channel to seek work.
Spain and Asylum Seekers
The Law on the Right to Asylum and Refugee Status, passed in March of 1984, and
amended in 1994, is the main piece of legislation governing refugee status in
Spain. Once an asylum application is filed, asylum seekers have the right to
interpreters, legal counsel and medical assistance. Applicants can stay in
Spain for up to sixty days while their application is pending. Favorable
rulings guaranteed the right to social, health and education welfare and work
permit. Those who are denied asylum must leave Spain, usually within sixty
In 2000, 7,926 asylum applications were filed, and favorable rulings were
handed down in 453 cases, covering 752 individuals. Claimants of the following
nationalities were the most numerous: Colombian (17 percent of the total),
Nigerian (11 percent), Sierra Leonean (19 percent), and Cuban (11 percent).
People of other nationalities seeking asylum were principally from Algeria and
former Eastern bloc countries, such as Armenia, Romania, Russia, and Ukraine.
However, both employers and labor unions agree that the 2002 labour quota was a
failure. While the government set a quota of 32,079 workers (10,884 permanent
workers and 21,195 temporary workers), it was widely viewed of falling short of
meeting labor needs. In particular, some labor unions estimated that another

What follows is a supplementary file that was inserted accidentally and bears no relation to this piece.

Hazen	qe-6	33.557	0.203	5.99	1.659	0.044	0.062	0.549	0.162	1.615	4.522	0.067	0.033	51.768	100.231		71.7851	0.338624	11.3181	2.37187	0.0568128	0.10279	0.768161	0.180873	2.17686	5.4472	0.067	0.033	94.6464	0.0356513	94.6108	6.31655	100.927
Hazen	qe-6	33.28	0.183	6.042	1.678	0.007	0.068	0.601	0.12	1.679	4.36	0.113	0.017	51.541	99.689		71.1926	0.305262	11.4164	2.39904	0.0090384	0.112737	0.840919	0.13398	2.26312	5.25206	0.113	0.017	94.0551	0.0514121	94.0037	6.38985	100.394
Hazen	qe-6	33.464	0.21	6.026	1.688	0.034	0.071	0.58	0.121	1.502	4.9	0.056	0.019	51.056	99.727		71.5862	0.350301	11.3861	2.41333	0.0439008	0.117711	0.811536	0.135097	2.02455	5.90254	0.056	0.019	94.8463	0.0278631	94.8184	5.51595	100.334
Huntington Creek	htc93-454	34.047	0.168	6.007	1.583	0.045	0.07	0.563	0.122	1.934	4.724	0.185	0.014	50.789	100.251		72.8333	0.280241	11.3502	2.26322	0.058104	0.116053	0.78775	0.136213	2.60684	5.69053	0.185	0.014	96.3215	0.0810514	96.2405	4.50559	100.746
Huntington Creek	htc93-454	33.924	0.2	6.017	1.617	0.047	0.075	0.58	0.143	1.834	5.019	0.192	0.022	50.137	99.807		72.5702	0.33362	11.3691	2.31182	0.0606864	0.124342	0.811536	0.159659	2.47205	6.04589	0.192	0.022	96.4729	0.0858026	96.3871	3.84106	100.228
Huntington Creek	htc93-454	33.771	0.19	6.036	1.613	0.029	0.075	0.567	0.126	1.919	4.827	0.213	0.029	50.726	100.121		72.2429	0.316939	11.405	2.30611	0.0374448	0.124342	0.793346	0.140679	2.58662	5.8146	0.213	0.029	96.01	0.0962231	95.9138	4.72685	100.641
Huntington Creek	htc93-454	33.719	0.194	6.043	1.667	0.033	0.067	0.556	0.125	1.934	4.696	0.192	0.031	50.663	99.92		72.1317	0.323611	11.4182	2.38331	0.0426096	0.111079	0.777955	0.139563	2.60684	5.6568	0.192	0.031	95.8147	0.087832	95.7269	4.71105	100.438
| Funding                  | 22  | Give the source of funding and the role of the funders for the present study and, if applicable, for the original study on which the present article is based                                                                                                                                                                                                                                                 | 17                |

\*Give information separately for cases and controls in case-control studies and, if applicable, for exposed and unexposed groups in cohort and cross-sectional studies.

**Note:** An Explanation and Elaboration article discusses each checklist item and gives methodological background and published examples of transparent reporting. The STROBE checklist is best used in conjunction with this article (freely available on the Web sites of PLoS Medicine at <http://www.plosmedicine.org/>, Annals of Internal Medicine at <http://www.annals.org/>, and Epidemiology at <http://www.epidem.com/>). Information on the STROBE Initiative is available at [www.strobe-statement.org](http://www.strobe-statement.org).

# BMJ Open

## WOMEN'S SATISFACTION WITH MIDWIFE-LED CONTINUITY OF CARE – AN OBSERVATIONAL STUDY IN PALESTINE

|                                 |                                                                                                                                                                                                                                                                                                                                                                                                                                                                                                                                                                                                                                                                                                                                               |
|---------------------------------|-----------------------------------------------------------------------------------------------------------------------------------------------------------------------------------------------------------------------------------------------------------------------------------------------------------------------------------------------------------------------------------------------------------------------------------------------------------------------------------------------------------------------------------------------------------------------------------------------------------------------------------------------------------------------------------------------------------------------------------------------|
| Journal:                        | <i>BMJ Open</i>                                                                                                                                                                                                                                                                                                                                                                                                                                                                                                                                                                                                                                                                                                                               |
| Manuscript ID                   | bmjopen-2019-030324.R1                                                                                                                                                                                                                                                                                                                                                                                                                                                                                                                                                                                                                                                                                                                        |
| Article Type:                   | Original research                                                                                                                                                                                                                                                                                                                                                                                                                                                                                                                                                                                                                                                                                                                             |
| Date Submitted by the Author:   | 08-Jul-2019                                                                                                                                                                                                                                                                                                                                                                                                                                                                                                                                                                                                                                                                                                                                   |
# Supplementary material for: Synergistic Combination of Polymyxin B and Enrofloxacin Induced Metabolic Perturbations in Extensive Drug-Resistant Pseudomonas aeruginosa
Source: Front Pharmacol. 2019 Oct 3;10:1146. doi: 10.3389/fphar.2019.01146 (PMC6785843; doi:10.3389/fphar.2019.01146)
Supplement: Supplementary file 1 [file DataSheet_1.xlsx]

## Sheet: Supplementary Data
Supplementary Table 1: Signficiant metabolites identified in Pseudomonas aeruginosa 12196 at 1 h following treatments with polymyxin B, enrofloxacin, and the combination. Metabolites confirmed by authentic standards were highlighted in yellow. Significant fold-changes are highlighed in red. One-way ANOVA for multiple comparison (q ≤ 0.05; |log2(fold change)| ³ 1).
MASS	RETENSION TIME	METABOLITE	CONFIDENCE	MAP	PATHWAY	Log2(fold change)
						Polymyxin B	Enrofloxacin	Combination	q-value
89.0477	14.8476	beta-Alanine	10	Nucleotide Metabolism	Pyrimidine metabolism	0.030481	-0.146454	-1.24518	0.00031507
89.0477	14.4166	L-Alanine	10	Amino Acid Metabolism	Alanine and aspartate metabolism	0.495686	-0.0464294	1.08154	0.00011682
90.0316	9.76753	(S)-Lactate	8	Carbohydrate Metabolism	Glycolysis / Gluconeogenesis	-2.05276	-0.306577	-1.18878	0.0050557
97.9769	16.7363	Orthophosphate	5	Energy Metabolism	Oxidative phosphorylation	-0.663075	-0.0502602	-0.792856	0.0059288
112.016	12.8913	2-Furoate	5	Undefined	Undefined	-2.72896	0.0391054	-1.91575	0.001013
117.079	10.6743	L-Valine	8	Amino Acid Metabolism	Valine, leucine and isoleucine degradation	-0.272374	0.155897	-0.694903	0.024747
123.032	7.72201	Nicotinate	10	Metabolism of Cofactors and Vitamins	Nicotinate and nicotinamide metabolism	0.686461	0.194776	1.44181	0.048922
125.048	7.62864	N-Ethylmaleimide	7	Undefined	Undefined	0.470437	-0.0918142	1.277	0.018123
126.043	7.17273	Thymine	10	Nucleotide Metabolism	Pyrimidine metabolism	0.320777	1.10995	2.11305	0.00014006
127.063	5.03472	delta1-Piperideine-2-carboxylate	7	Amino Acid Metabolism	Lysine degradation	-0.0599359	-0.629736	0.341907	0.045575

10,000 workers were necessary in the agricultural sector. In 2003, the quota
has been fixed at 24,337 foreign workers (10,575 permanents workers and 13,762
temporary workers). By reducing the quota for temporary workers by almost
10,000 less than the 2002 number, the government has signalled that it
continues to seek to limit immigration.
Currently, the Law 8/2000 is being challenged before the Constitutional Court
by Partido Socialista Obrero Español. The quota system has also come
under criticism by several immigrant support groups and political parties.
Although the Plan Greco promises to focus on integration and local governments
are developing this issue, it appears that the government will continue to push
forward with an agenda to slow immigration and to focus on border protection.
With a 23 percent increase in immigration in 2002, it is unclear how the
government's policies to limit immigration will square with the new immigration